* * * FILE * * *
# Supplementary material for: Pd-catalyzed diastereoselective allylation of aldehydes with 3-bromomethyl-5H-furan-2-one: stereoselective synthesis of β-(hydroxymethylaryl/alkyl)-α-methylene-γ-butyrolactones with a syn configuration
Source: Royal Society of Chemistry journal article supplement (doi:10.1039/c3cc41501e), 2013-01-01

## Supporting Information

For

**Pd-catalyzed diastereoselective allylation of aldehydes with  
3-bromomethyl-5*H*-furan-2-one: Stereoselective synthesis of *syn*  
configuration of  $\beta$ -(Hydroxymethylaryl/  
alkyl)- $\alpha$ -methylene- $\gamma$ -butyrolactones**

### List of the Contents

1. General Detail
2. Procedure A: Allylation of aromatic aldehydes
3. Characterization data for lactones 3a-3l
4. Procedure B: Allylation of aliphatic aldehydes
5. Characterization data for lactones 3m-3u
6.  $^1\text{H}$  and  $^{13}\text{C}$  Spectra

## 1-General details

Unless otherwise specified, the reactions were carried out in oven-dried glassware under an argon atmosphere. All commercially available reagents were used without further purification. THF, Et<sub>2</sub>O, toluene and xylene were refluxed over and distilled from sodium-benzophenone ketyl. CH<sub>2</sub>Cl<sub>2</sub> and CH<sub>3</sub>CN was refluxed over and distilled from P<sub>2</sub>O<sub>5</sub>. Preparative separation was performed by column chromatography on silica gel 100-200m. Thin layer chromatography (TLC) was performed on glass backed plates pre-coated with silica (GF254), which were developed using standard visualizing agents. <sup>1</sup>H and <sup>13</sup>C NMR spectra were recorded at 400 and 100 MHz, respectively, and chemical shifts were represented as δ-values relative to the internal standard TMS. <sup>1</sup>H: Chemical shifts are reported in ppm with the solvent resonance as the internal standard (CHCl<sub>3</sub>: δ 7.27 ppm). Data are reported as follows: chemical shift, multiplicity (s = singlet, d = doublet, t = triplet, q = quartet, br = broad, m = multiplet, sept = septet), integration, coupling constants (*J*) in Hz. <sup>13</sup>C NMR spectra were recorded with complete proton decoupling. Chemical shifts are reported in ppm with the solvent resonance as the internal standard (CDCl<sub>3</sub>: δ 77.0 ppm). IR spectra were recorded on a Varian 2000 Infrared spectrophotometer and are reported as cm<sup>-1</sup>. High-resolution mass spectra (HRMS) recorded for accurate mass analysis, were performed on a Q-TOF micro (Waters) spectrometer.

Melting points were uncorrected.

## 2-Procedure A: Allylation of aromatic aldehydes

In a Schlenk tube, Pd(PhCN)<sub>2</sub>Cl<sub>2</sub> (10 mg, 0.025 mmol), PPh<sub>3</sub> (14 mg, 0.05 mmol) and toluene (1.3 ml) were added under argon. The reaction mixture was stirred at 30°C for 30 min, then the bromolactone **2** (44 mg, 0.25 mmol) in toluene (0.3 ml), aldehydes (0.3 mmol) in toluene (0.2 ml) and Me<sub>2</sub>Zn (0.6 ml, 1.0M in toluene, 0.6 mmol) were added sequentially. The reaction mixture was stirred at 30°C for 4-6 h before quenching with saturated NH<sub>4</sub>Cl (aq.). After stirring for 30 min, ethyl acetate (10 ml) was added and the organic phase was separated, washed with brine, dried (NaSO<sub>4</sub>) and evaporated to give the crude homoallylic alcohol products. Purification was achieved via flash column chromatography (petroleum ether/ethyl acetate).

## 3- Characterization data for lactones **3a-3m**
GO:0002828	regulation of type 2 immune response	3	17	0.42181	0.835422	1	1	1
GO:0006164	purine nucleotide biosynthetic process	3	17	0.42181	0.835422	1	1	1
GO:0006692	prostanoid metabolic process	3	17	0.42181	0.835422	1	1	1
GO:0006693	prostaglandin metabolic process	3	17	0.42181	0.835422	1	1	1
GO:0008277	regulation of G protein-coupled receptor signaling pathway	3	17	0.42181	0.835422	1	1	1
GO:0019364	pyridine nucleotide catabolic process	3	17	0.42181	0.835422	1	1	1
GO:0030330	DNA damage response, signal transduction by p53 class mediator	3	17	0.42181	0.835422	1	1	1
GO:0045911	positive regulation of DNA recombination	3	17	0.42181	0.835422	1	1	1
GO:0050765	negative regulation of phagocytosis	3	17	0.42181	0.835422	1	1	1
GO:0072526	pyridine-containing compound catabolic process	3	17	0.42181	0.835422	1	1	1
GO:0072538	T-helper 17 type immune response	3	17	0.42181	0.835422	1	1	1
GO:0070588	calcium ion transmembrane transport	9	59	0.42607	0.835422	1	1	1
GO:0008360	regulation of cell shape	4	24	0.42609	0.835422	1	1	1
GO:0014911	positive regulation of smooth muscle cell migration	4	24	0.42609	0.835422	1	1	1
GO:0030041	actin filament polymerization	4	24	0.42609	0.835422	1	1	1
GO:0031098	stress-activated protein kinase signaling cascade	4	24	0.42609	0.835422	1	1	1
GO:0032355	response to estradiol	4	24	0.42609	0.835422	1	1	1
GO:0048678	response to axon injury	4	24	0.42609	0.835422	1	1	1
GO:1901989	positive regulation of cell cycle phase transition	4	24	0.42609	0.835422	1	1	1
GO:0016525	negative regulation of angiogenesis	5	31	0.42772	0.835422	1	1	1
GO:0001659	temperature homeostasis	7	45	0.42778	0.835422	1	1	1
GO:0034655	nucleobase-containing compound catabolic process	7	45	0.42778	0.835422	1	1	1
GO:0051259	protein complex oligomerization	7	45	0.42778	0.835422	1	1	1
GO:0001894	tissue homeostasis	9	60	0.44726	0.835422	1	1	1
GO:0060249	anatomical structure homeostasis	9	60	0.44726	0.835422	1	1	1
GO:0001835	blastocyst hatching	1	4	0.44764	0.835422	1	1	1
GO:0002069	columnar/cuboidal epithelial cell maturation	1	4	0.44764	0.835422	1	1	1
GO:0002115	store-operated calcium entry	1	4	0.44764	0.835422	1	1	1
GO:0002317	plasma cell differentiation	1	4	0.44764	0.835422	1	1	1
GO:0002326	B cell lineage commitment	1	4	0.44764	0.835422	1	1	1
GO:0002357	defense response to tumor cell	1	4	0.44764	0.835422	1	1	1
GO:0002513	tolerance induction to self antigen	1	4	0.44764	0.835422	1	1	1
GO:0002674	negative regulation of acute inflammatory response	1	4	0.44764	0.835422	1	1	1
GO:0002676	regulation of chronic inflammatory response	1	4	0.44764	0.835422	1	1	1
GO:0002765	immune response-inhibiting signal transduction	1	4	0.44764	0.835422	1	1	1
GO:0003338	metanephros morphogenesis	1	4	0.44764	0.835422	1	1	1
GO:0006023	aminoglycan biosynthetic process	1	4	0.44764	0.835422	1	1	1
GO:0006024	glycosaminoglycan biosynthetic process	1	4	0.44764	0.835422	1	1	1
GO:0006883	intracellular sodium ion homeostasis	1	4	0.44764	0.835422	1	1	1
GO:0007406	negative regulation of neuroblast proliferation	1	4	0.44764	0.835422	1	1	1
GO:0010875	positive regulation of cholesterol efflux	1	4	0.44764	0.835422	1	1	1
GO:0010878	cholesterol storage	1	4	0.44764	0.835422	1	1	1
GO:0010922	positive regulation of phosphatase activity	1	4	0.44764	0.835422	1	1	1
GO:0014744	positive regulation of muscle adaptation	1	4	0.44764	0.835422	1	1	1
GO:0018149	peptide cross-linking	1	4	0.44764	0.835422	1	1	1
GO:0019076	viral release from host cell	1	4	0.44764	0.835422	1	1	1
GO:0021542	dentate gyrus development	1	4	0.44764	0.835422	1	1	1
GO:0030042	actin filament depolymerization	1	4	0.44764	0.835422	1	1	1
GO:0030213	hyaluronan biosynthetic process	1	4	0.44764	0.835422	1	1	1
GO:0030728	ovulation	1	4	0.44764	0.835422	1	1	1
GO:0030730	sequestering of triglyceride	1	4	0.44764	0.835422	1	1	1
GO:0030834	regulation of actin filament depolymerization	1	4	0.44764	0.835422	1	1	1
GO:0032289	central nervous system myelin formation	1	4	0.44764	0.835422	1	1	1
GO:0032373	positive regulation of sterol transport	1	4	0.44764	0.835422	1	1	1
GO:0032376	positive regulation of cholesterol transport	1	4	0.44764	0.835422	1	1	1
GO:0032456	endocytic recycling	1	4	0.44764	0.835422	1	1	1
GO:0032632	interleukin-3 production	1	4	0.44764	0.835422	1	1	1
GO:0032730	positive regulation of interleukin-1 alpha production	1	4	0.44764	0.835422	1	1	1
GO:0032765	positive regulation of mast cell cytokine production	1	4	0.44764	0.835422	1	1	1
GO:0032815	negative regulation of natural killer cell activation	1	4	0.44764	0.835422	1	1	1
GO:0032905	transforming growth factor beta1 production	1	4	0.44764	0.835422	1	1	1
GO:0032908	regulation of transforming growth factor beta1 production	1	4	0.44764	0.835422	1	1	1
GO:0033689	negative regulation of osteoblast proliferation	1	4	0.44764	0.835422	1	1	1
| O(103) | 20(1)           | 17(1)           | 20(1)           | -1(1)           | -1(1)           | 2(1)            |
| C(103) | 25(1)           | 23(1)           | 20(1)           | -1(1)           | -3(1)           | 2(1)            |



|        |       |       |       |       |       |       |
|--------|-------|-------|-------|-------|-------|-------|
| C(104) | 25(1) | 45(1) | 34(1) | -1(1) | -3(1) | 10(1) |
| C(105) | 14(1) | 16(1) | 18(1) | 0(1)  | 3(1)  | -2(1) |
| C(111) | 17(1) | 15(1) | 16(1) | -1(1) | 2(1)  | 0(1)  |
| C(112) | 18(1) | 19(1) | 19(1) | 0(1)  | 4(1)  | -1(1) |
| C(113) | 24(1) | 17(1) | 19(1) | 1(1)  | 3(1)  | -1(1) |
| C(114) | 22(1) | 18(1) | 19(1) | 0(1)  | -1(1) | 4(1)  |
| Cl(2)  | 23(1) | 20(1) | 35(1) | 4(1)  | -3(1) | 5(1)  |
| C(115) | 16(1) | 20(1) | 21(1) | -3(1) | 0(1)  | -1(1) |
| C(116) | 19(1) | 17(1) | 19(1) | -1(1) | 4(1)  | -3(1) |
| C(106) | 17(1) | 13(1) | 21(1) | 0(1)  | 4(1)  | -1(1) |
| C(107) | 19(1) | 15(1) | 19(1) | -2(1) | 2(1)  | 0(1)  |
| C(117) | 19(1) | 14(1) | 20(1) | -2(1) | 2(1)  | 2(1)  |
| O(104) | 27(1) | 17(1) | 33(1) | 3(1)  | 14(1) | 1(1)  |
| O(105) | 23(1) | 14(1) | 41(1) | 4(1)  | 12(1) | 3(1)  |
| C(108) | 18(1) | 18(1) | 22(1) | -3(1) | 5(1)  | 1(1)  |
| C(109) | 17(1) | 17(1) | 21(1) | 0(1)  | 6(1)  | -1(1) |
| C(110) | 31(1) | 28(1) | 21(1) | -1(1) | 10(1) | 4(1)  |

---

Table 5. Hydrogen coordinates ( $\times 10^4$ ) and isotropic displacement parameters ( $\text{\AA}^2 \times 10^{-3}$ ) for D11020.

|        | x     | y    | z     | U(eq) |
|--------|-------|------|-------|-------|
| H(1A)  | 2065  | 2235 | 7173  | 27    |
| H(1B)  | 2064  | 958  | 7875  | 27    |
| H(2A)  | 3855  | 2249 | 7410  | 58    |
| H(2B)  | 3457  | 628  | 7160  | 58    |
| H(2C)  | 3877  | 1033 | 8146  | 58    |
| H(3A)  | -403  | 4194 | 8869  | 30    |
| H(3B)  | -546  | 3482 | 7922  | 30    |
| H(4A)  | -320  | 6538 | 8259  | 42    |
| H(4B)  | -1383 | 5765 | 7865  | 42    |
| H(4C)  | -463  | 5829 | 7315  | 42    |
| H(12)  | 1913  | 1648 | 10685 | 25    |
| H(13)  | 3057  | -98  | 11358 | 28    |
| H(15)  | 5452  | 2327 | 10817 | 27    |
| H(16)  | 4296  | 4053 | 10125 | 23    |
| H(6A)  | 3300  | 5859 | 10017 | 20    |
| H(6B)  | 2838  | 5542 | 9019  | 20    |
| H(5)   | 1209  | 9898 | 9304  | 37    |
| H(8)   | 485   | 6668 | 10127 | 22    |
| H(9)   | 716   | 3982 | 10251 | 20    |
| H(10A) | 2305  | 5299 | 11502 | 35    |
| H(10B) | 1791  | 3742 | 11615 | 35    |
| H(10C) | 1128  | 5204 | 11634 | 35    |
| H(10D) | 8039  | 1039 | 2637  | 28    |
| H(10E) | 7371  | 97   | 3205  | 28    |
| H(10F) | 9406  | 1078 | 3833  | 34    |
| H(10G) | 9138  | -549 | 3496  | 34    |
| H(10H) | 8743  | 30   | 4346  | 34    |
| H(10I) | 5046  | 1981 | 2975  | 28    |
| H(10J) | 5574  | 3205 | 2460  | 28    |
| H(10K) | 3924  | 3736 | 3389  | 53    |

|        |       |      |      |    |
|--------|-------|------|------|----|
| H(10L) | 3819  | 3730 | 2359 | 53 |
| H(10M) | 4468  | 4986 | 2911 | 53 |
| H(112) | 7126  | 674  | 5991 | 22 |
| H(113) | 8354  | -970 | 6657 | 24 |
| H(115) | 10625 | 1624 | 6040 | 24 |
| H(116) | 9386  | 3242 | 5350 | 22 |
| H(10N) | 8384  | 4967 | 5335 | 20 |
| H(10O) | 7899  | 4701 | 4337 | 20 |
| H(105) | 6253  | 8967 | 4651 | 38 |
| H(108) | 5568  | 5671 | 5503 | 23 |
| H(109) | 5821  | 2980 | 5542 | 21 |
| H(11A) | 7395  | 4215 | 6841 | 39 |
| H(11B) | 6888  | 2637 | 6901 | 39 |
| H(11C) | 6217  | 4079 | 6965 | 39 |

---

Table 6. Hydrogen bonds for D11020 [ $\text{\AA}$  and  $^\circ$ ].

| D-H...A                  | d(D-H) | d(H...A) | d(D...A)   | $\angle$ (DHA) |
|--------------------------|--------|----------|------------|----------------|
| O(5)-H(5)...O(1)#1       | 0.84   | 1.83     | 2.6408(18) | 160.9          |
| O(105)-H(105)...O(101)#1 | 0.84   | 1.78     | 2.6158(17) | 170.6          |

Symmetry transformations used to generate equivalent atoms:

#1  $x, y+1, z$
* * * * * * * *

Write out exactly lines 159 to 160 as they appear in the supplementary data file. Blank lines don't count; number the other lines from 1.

|--------------------------|--------|----------|------------|----------------|
| O(5)-H(5)...O(1)#1       | 0.84   | 1.83     | 2.6408(18) | 160.9          |